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Principles for Priority Setting in Mental Health Services and Their Implications for the Least Well Off
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Funding for mental health services has declined in recent years, posing the difficult challenge of setting program and individual client service priorities with reduced resources. The author reviews seven principles for resource allocation and their potential impact on people with severe and persistent mental illness. These principles address issues of the autonomy of individual health care needs; the need for client, stakeholder, and provider input into goal setting; cost-effectiveness; equity and fairness; client responsibility for making effective use of services; the impact of private industry on the development and marketing of new treatments; and the importance of considering local skill availability and population needs in setting program priorities. Because none of these principles take precedence over the others, their joint application does not necessarily yield consistent program priorities. However, they provide a frame of reference for approaching the task of priority setting and for understanding why priorities may vary from different perspectives. (Author)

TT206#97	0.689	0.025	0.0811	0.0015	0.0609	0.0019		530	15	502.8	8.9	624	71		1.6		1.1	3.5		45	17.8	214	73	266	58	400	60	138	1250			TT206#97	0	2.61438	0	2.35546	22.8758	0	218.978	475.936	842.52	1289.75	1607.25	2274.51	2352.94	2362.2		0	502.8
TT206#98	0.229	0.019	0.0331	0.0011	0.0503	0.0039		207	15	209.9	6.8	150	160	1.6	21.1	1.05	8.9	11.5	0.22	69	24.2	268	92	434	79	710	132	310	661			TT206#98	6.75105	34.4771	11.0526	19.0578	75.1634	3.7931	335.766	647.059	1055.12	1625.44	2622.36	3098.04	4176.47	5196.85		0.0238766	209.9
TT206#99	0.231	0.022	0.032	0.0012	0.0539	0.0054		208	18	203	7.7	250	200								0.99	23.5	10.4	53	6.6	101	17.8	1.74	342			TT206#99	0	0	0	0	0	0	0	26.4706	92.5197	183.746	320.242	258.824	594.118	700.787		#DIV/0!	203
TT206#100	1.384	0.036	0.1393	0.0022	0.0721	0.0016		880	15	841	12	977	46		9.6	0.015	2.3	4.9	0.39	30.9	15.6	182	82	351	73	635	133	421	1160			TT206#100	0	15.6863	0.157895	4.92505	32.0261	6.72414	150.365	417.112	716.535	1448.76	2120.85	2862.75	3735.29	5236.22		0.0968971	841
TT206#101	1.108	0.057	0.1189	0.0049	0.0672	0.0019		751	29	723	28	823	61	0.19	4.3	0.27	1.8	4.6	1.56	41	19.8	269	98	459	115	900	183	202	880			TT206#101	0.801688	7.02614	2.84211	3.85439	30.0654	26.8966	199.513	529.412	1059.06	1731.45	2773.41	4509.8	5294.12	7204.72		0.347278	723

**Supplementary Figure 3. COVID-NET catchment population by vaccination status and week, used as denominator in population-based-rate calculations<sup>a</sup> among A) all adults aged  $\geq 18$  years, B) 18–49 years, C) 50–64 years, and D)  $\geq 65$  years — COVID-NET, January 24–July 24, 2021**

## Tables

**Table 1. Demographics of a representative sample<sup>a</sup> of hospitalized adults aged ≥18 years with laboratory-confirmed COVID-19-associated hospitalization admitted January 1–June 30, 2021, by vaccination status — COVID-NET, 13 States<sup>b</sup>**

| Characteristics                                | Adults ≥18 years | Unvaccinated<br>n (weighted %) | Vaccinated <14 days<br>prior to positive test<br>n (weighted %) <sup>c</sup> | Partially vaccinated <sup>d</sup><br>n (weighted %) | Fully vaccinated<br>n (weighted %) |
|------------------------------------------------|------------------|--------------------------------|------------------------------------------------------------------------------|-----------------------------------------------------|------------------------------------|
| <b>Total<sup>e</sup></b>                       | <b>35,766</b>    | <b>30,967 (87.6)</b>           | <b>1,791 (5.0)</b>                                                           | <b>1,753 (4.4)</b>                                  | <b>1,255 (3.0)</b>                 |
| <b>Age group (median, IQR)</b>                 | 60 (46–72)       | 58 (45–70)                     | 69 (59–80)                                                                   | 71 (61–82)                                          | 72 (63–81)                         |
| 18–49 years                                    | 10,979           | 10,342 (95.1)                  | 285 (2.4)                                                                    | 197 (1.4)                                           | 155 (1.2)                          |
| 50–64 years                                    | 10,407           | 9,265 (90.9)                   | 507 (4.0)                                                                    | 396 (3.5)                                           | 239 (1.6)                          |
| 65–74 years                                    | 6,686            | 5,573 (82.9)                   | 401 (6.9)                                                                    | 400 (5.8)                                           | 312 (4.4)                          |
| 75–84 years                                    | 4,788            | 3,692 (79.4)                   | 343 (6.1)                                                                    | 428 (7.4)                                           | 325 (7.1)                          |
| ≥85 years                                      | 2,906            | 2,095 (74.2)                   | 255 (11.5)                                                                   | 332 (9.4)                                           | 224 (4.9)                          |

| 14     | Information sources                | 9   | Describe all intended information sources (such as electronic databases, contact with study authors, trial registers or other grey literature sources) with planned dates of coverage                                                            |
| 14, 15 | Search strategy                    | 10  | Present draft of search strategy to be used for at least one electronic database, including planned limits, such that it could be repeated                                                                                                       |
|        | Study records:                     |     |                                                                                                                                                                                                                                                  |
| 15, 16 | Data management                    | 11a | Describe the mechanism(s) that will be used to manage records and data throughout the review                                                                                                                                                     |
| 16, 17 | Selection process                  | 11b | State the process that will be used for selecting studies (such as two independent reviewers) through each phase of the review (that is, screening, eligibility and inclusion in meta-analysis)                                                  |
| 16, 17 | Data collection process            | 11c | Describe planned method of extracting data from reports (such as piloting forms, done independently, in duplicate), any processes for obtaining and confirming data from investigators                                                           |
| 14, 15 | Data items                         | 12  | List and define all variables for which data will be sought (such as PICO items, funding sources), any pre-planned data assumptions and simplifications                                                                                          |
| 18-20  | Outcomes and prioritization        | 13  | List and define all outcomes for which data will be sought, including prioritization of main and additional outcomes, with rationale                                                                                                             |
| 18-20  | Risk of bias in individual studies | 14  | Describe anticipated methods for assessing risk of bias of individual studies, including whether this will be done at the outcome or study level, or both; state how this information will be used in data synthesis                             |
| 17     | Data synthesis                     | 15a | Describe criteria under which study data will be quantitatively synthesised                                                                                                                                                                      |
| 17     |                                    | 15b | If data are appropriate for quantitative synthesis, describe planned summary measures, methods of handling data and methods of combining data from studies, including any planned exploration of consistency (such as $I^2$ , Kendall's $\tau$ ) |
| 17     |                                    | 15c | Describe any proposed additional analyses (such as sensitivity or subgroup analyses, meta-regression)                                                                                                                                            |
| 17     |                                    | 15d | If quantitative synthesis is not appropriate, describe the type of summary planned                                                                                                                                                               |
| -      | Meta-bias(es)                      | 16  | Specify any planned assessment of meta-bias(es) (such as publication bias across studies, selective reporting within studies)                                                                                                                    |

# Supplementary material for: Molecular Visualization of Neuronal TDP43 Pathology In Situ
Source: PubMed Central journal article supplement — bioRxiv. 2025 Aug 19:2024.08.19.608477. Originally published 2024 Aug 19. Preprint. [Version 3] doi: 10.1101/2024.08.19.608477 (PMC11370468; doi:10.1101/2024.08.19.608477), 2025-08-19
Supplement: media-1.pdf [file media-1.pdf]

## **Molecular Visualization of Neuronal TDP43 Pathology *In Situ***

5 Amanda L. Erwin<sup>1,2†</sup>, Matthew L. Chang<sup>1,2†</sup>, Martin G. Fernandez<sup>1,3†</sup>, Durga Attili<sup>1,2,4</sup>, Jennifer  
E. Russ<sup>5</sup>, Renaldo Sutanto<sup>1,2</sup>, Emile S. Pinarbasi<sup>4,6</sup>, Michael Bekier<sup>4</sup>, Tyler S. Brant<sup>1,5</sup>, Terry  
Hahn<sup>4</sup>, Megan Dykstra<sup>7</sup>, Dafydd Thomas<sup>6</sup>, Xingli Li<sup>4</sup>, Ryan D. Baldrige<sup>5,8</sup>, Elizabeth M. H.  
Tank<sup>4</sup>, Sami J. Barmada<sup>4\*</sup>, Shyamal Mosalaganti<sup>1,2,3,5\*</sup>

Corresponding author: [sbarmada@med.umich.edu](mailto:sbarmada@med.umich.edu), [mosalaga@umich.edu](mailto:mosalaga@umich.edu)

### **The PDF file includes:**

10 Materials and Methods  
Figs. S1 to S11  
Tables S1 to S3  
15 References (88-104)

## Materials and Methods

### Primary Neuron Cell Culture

Psychiatric Services
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A program of the U.S. Department of Health and Human Services Substance Abuse & Mental Health Services Administration, Center for Mental Health Services